Building Big Muscles
Training With Muscle Soreness
The following are questions I get to hear very
often from my clients. Should you train when your muscles are still aching
from the last workout? If you do, can it get you bigger muscles or sabotage
your result by over training?
safe to say that muscle soreness is something anyone training with weights is
familiar with. The severity of muscle or DOMS (Delayed Onset Muscle Soreness)
can range from mild discomfort to the point of being almost crippling ache.
The answer to whether you train when your
muscles are still sore is not quite as simple as it may seem. You see, most
fitness personal trainers will tell you to take a rest when your muscles are
To Get Big Defined Muscles
Workout When Muscles Still Aching?
all truthfullness, this is the safest answer. However, many people do not know
that by not training when you are still sore, you may possibly be missing out
on better results and slowing down your recovery! Surprised? I bet that you
So why do we get muscle soreness when
we workout hard enough? This is because soreness is basically damage done to
your muscle fibers as a result of intensive training. When your muscles aches
from training, it is your body's way of telling you that your muscle is in
need of repair. That being the case, how can it possibly be good for you to
train the aching muscle?
is where we get into the controversial area of this subject matter. After
reading this article, you may either agree with me or think that I am talking
nonsense. Whatever the case may be, all I ask is that you give my arguments
Now, if you have never trained the same
muscle group intensively two days in a row or trained it while it was still
quite sore, you are going to be in for a shock at how unique a stimulus it can
actually be to the muscles you are training.
Of course, I concede that arguments against
doing this are very persuasive and strong indeed, such as "your muscles have
not fully recovered and you are further damaging it" ( heh, I used to sing the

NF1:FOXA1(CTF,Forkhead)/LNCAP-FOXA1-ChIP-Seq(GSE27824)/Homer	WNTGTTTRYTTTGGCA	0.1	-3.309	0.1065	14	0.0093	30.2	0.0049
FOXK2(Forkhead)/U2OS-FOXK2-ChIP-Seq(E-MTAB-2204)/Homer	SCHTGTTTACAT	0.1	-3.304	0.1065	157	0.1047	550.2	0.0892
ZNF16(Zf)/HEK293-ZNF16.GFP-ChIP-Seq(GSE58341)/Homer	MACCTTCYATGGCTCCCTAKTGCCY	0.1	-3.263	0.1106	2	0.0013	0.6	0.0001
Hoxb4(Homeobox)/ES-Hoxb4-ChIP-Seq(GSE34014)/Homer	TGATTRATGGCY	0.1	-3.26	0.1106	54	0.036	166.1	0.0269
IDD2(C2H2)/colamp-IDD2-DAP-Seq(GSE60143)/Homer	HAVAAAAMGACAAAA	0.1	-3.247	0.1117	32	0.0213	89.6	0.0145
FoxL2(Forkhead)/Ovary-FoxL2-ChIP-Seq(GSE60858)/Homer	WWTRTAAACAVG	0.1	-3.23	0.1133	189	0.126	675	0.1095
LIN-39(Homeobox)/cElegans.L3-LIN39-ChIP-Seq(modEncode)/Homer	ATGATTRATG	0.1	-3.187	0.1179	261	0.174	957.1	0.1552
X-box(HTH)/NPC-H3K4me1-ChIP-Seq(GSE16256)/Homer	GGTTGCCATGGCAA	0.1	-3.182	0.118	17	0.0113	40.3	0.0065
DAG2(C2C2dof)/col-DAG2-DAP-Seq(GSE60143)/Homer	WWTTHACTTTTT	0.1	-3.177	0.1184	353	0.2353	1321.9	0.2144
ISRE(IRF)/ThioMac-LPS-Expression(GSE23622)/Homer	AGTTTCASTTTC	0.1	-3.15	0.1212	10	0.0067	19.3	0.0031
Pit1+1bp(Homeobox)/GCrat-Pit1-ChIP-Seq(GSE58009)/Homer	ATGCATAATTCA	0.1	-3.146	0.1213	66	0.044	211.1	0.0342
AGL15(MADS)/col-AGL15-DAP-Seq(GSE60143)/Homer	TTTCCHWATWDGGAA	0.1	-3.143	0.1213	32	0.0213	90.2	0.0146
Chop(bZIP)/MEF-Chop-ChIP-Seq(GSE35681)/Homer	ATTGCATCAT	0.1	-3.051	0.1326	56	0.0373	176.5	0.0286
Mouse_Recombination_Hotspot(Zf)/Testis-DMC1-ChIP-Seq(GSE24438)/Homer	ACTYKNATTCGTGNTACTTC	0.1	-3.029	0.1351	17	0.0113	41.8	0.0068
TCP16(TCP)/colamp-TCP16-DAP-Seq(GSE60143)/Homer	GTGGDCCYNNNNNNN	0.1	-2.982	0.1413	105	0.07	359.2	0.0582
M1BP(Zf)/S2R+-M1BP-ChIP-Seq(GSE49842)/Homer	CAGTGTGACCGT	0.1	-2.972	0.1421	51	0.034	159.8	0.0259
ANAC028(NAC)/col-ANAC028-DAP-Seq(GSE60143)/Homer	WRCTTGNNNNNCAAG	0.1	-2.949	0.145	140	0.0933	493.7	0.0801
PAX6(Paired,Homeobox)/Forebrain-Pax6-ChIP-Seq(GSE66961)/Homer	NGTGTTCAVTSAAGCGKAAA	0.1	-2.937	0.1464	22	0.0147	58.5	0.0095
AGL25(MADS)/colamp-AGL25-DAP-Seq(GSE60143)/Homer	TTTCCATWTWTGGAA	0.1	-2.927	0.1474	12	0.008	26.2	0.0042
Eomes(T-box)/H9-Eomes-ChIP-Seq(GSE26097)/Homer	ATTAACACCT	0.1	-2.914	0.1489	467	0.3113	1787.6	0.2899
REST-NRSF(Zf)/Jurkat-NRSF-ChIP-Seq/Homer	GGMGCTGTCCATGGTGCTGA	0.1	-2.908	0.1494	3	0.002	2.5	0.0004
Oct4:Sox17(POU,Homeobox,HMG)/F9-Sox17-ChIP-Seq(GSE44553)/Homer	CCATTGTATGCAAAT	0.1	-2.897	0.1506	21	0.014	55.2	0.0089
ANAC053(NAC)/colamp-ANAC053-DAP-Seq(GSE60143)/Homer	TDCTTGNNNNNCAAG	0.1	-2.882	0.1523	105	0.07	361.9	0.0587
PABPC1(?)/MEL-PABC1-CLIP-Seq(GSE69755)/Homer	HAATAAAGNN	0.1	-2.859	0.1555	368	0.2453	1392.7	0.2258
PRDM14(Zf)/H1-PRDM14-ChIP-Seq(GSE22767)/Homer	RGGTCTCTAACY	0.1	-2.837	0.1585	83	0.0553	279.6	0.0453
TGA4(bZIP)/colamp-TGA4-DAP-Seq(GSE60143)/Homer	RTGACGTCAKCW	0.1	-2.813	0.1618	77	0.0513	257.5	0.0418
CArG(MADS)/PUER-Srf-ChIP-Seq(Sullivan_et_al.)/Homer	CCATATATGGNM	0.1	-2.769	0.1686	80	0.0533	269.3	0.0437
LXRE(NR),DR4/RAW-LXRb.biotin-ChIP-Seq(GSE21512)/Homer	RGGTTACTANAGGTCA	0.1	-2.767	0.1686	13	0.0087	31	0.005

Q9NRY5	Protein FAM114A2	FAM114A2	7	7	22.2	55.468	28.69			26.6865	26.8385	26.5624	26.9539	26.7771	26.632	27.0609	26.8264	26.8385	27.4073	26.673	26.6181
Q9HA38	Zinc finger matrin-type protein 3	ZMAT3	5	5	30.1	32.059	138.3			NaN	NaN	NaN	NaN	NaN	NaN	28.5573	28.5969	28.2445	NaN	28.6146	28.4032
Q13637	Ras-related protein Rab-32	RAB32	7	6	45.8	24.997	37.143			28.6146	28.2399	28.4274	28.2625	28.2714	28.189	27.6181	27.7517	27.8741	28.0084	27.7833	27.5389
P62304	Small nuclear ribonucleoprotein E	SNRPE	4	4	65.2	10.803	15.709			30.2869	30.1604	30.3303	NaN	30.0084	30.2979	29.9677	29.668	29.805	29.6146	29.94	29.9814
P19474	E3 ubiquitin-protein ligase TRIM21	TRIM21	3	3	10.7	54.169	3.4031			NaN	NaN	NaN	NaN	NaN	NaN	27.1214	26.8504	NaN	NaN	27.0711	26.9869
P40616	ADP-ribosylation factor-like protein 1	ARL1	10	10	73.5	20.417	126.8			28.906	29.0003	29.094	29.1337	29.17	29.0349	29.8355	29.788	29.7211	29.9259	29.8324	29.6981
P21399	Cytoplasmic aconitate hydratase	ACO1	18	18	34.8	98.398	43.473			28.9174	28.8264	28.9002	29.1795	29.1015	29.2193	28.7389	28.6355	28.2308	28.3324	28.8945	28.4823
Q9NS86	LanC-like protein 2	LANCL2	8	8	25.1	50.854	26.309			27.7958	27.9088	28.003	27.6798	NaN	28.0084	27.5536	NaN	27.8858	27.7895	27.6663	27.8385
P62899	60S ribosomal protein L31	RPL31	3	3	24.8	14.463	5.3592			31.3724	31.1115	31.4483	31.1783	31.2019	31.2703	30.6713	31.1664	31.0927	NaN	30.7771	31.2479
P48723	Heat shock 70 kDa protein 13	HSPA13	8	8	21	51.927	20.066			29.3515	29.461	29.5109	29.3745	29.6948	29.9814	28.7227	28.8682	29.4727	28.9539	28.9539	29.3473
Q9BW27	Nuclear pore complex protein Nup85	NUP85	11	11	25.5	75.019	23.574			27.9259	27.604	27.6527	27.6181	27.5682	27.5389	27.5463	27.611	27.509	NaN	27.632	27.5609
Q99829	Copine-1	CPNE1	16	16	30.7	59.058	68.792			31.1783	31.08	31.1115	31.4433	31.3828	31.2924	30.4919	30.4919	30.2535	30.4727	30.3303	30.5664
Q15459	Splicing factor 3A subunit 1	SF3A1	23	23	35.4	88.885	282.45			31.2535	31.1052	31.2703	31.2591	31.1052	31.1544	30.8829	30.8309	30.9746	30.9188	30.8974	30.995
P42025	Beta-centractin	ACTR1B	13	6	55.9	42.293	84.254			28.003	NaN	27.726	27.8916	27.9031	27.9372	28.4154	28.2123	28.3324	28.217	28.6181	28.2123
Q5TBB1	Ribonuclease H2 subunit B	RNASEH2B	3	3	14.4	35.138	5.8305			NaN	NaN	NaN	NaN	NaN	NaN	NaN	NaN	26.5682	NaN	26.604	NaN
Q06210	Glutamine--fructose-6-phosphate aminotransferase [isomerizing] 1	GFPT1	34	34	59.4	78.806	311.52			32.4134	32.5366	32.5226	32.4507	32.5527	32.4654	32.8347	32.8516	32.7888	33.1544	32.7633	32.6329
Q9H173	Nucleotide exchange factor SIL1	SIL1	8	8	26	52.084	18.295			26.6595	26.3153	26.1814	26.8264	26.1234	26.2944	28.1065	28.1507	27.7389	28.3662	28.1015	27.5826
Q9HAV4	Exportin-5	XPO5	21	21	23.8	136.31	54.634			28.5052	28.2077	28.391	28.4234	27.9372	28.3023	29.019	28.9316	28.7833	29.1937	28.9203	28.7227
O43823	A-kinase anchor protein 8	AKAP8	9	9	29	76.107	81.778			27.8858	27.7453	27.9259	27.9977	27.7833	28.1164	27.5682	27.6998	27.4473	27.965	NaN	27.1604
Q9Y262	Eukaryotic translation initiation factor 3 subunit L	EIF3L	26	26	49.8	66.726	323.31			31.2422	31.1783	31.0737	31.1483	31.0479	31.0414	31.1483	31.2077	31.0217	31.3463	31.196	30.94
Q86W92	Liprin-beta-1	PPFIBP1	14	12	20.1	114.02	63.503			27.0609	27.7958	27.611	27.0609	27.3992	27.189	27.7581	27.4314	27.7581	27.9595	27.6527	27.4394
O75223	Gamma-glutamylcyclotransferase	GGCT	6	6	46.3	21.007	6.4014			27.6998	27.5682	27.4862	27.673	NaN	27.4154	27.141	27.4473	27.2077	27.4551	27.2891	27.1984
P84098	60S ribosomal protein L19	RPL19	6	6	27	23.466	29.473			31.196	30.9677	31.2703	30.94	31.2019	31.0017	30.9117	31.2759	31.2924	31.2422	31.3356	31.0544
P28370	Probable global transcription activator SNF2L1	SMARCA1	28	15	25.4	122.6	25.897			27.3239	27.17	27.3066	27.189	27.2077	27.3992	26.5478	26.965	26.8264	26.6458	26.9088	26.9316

same song too ).
consider this issue from an adaptation point of view :-
What would give your muscles greater stimulus for massive growth? - If you
train the muscle hard once, you will get a good growth stimulus. Your body
immediately starts sending nutrients to the damaged muscles and starts the
When the muscles are fully recovered and is
no longer sore, you train the muscle again and restart the rebuilding process.
This is the standard way of training and it usually means directly training a
muscle once or twice a week a few days rest in between.
you train a specific muscle hard then the next day, train it hard again. -
Your muscle recovery is nowhere near complete and the muscle is sore when you
train it on the second day.
Now, if you ponder it over, would the body
see (b) as a greater threat to its survival? Would the body then ramp up its
recovery processes to try and prepare for the next challenge, which it (from
its recent experience of being whacked with the same hard stimulus two days in
a row) thinks is coming again very soon and prepares itself even better, thus
and bigger muscle growth?
Well, you will only know the answer if you
experiment it on your own body but it does work for me and most of my clients.
You see, your body's response to training is a very simple "stimulus response"
system, but your body is also fully capable of sending more resources where
more resources are perceived as being needed.
When you eat, your body sends more blood to
the digestive system. Your brain doesn't tell it to do that, it is just
hardwired programing survival instinct.When you are hot, your body produces
sweat to cool you down naturally. The same thing happens with training.
For instance, when you train your chest
muscle, your body sends blood and nutrients to your chest for recovery. It
doesn't send it to your hamstrings if your hamstrings haven't been worked at.
If you train your chest hard two days in a
row, your body sees this as a big threat to the chest and will ramp up
recovery processes to specifically protect the your chest. As simple as that!
The consecutive two days of intensive training to the same muscle has built a
much greater recovery momentum and thus getting
more results out of your training. Does that make sense?
Another advantage to training a muscle when
it is still aching even when it is a light training, is that you will still be
sending blood (and therefore nutrients) to that muscle, helping it to recover
faster than if you didn't train it at all. So even if you are not training the
sore muscle muscle hard, it will still help with recovery process.
Yes, I understand many readers may not agree
with my theory about training when your muscle is still sore because we have
been indoctrinated against it. The only way to know if it works for you is to
try it out for yourself. Click Grow
Bigger Muscles Fast.
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